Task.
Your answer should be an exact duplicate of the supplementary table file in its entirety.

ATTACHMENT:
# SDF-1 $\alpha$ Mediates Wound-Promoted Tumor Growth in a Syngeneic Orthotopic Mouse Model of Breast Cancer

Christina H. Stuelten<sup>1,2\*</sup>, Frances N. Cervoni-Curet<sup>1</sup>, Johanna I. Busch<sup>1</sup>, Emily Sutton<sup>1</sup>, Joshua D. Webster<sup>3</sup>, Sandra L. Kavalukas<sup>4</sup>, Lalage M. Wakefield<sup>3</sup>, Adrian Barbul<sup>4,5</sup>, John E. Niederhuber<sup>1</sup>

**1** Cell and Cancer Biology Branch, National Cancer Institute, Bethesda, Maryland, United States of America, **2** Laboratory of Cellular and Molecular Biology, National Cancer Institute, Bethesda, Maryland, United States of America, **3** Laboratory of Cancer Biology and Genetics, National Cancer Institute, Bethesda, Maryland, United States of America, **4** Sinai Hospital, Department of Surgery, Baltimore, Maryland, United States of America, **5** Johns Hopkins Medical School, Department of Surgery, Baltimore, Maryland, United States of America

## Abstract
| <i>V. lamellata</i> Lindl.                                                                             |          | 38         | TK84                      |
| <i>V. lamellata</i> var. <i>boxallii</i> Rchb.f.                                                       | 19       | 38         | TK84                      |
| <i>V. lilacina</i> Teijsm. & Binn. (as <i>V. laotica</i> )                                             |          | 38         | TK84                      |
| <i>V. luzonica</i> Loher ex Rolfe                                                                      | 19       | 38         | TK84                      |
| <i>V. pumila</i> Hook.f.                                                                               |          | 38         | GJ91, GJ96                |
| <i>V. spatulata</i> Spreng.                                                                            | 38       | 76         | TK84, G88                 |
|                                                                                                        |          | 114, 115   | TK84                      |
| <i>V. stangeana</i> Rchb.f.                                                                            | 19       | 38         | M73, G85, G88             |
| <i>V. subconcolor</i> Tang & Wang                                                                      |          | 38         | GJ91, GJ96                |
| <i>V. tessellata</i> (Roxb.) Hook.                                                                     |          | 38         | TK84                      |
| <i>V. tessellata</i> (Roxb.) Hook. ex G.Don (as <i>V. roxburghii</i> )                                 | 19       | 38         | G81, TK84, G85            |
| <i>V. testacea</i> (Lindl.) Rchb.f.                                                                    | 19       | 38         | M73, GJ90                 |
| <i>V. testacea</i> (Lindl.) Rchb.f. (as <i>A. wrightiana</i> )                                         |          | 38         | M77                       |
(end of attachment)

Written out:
# SDF-1 $\alpha$ Mediates Wound-Promoted Tumor Growth in a Syngeneic Orthotopic Mouse Model of Breast Cancer

Christina H. Stuelten<sup>1,2\*</sup>, Frances N. Cervoni-Curet<sup>1</sup>, Johanna I. Busch<sup>1</sup>, Emily Sutton<sup>1</sup>, Joshua D. Webster<sup>3</sup>, Sandra L. Kavalukas<sup>4</sup>, Lalage M. Wakefield<sup>3</sup>, Adrian Barbul<sup>4,5</sup>, John E. Niederhuber<sup>1</sup>

**1** Cell and Cancer Biology Branch, National Cancer Institute, Bethesda, Maryland, United States of America, **2** Laboratory of Cellular and Molecular Biology, National Cancer Institute, Bethesda, Maryland, United States of America, **3** Laboratory of Cancer Biology and Genetics, National Cancer Institute, Bethesda, Maryland, United States of America, **4** Sinai Hospital, Department of Surgery, Baltimore, Maryland, United States of America, **5** Johns Hopkins Medical School, Department of Surgery, Baltimore, Maryland, United States of America

## Abstract
| <i>V. lamellata</i> Lindl.                                                                             |          | 38         | TK84                      |
| <i>V. lamellata</i> var. <i>boxallii</i> Rchb.f.                                                       | 19       | 38         | TK84                      |
| <i>V. lilacina</i> Teijsm. & Binn. (as <i>V. laotica</i> )                                             |          | 38         | TK84                      |
| <i>V. luzonica</i> Loher ex Rolfe                                                                      | 19       | 38         | TK84                      |
| <i>V. pumila</i> Hook.f.                                                                               |          | 38         | GJ91, GJ96                |
| <i>V. spatulata</i> Spreng.                                                                            | 38       | 76         | TK84, G88                 |
|                                                                                                        |          | 114, 115   | TK84                      |
| <i>V. stangeana</i> Rchb.f.                                                                            | 19       | 38         | M73, G85, G88             |
| <i>V. subconcolor</i> Tang & Wang                                                                      |          | 38         | GJ91, GJ96                |
| <i>V. tessellata</i> (Roxb.) Hook.                                                                     |          | 38         | TK84                      |
| <i>V. tessellata</i> (Roxb.) Hook. ex G.Don (as <i>V. roxburghii</i> )                                 | 19       | 38         | G81, TK84, G85            |
| <i>V. testacea</i> (Lindl.) Rchb.f.                                                                    | 19       | 38         | M73, GJ90                 |
| <i>V. testacea</i> (Lindl.) Rchb.f. (as <i>A. wrightiana</i> )                                         |          | 38         | M77                       |